Even before his team endured an agonizing, four-game sweep by the revivified Los Angeles Angels Sunday, Mariners manager Eric Wedge put out his heart on his sleeve, Piniella-style, for everyone to play amateur cardiologist.
“What I don’t like, what bothers me more than anything,” he said at his daily pre-game presser, “is when I see guys moving in the right direction, and then sometimes back up, to where you’re going over the same real estate. That pisses me off. I don’t like that.”
He wasn’t specific as to hitter. He didn’t have to be. The Mariners are in a pandemic slump. All are ill. They followed up Wedge’s crankiness with three hits Sunday in a 4-2 loss. While granting that the Angels’ C.J. Wilson is a premier starter, the Mariners couldn’t start a fire while smoking in petroleum pajamas on a haystack.
Nothing more typified the pathos than the manner in which they scored their second run. In the seventh, trailing 3-1, Jesus Montero drew a leadoff walk off reliever Jordan Walden, advanced to second on a wild pitch, to third on a ground-out and scored on a second wild pitch. The run counts, but it was a bread sandwich.
Not exactly what Wedge had in mind when he blew the Cavalry bugle pre-game.
Wedge’s ire stemmed from the fact that his young hitters, upon whom the franchise has hung a good part of its future, are falling back, even though he knows that’s what newcomers to the big leagues often do.
As a result, the Mariners at the 50-game mark are now 10 games behind the American League West-leading Texas Rangers, against whom they begin a three-game series Monday in Arlington. Last season, it took them 94 games before they were down 10.
In the same chat, Wedge also spoke of making progress, taking the longer view that requires patience. He sounded equally as hacked at critics who question his personnel moves and frequent lineup changes.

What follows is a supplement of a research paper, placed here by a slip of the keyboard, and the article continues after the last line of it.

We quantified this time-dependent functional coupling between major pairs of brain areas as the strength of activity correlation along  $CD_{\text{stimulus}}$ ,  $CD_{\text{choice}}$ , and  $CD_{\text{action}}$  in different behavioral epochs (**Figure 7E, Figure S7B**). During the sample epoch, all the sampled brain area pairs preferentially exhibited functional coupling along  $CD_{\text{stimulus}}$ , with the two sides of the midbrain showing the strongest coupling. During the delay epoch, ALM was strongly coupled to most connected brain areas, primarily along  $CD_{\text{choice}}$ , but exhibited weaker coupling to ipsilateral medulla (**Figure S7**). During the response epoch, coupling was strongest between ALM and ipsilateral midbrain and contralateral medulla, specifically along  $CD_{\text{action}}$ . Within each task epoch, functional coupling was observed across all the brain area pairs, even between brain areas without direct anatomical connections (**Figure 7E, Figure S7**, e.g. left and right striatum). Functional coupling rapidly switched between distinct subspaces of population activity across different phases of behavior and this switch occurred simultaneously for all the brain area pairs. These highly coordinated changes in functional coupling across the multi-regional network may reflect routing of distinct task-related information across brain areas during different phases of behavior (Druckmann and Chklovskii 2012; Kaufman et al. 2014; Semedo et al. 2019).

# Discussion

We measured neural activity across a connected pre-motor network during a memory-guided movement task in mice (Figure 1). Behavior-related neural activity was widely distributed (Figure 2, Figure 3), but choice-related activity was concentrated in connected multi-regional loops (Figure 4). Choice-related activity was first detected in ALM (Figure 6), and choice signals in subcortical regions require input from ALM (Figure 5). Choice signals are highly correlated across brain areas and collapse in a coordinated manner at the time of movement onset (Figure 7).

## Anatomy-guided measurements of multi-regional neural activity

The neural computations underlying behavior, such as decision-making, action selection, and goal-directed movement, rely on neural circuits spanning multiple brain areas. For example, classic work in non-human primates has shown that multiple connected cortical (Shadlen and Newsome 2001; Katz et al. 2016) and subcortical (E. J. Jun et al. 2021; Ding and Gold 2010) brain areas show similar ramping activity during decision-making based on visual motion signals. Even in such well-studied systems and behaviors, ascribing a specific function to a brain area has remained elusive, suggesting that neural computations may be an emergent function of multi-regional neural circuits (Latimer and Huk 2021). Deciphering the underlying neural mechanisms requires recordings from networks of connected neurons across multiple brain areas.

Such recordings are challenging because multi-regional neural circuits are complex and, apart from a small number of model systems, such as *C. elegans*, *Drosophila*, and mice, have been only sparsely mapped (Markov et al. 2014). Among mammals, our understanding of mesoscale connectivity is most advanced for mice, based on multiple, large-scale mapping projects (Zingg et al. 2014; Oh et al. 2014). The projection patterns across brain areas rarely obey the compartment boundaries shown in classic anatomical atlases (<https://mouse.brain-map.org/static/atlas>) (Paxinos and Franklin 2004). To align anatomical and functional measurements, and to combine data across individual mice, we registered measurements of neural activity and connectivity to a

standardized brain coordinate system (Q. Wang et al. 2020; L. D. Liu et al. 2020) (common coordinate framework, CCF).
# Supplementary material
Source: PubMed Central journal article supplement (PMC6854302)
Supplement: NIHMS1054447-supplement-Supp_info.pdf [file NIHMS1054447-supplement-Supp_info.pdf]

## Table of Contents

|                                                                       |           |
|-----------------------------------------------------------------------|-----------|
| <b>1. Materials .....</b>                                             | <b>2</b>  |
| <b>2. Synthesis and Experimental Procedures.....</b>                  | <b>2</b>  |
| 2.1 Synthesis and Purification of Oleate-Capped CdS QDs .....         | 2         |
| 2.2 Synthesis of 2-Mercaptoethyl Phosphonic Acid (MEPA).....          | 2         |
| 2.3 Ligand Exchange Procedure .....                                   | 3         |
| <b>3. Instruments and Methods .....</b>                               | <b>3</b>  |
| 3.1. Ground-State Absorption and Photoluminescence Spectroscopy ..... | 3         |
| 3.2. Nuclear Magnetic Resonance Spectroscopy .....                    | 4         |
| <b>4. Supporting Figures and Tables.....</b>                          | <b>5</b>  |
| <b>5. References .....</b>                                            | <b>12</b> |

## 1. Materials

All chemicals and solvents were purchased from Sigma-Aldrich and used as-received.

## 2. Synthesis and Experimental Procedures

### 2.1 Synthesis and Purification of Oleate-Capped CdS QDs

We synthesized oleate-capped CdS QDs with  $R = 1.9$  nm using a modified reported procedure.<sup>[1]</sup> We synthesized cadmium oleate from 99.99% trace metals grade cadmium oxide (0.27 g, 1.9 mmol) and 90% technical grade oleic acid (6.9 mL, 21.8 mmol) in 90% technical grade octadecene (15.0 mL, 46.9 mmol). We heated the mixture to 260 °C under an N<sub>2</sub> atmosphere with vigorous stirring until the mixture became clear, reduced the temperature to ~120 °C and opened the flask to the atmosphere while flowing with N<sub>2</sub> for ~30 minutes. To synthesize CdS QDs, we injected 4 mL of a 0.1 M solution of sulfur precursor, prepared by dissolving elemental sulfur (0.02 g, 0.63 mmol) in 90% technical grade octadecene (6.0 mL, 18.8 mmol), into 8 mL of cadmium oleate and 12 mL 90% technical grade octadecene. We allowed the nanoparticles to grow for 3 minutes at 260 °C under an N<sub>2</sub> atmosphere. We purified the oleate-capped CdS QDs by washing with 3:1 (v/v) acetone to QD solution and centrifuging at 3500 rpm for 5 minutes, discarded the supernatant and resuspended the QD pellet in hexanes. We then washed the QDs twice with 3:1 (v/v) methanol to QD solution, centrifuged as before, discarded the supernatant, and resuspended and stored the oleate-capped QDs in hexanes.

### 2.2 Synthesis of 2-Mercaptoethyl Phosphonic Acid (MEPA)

“Let me just educate you a little bit,” he said condescendingly. “You’re not going to have a consistent lineup until you know what your players are capable of doing. They’re too young. For all the yahoos out there who say you should play the same lineup every day, you don’t know s**t. Period. You can’t (set a lineup) until they develop as major league players.”
Whether Wedge is more dismayed at his players or his critics is hard to say. But it doesn’t matter. Wedge is talking out of both sides of his mouth to avoid the straight talk of being handed a flawed roster that is inadequate to win games as well-pitched as the one Sunday by young starter Hector Noesi. He gave up three runs on five hits in eight innings and kept the immense Albert Pujols in the ballpark, something the three previous Mariners starters in the series failed to do.
The Mariners lost five of seven in the homestand, and 11 of the past 17 overall, which includes a three-game sweep in Colorado against one of the National League’s weakest teams. The problem is as it was at the start and likely will be at the end of the 2012 season: A poorly constructed roster of overpaid veterans and unproven youngsters.
In the seven-game homestand that included facing some top pitching, here’s what happened with the heralded young hitters: Dustin Ackley 3 x 22, Mike Carp 2 x 14, Alex Liddi 3 x 17, Montero 3 x 20, Michael Saunders 5 x 20, Justin Smoak 6 x 23, Kyle Seager 2 x 22. That’s a cumulative .174 average for the Sub-Magnificent Seven.
Among the old guys, Ichiro at 38 was far and away the best 6 x 28. Collectively, two months into the season, this is potentially the worst-hitting team in the Mariners’ 35 years, which is a little like standing in the deepest part of the Pacific Ocean.
Coming into the game Sunday, the Mariners were hitting .197 this season at Safeco, then went 3 for 27.
But Wedge is adamant about sticking to club policy that the plan will succeed down the road despite the absence in 2012 of a prime-time hitter than can help carry the kids.
“If we make the same progress next year (as the Mariners have made from last year to this year), we’ll be happy,” he said with a most sincere straight face. “Most people won’t understand that because the focus is on wins and losses.
“The start-up (year last season) is one thing. Once you get past that, and play in the big leagues for a little bit, what you can do with a full year of progress is pretty real.”
At this point, he doesn’t have much choice to say what he saying. He and Mariners management picked these cards in the winter and must play out the hand, because there is no 2012 fix coming from the farm or from trades. And it must be said that pitching has kept the Mariners in games to the point where most are winnable. The team is half good.
But laying it louder and saltier upon the young hitters doesn’t make it any better. Management has left them naked to their own vulnerabilities, making matters worse for players who feel burdened by the obligation to deliver large in their first two seasons in the big leagues.
Wedge is trying to win ballgames and develop players simultaneously. That’s a formidable task for the best of organizations, and an over-match for this one.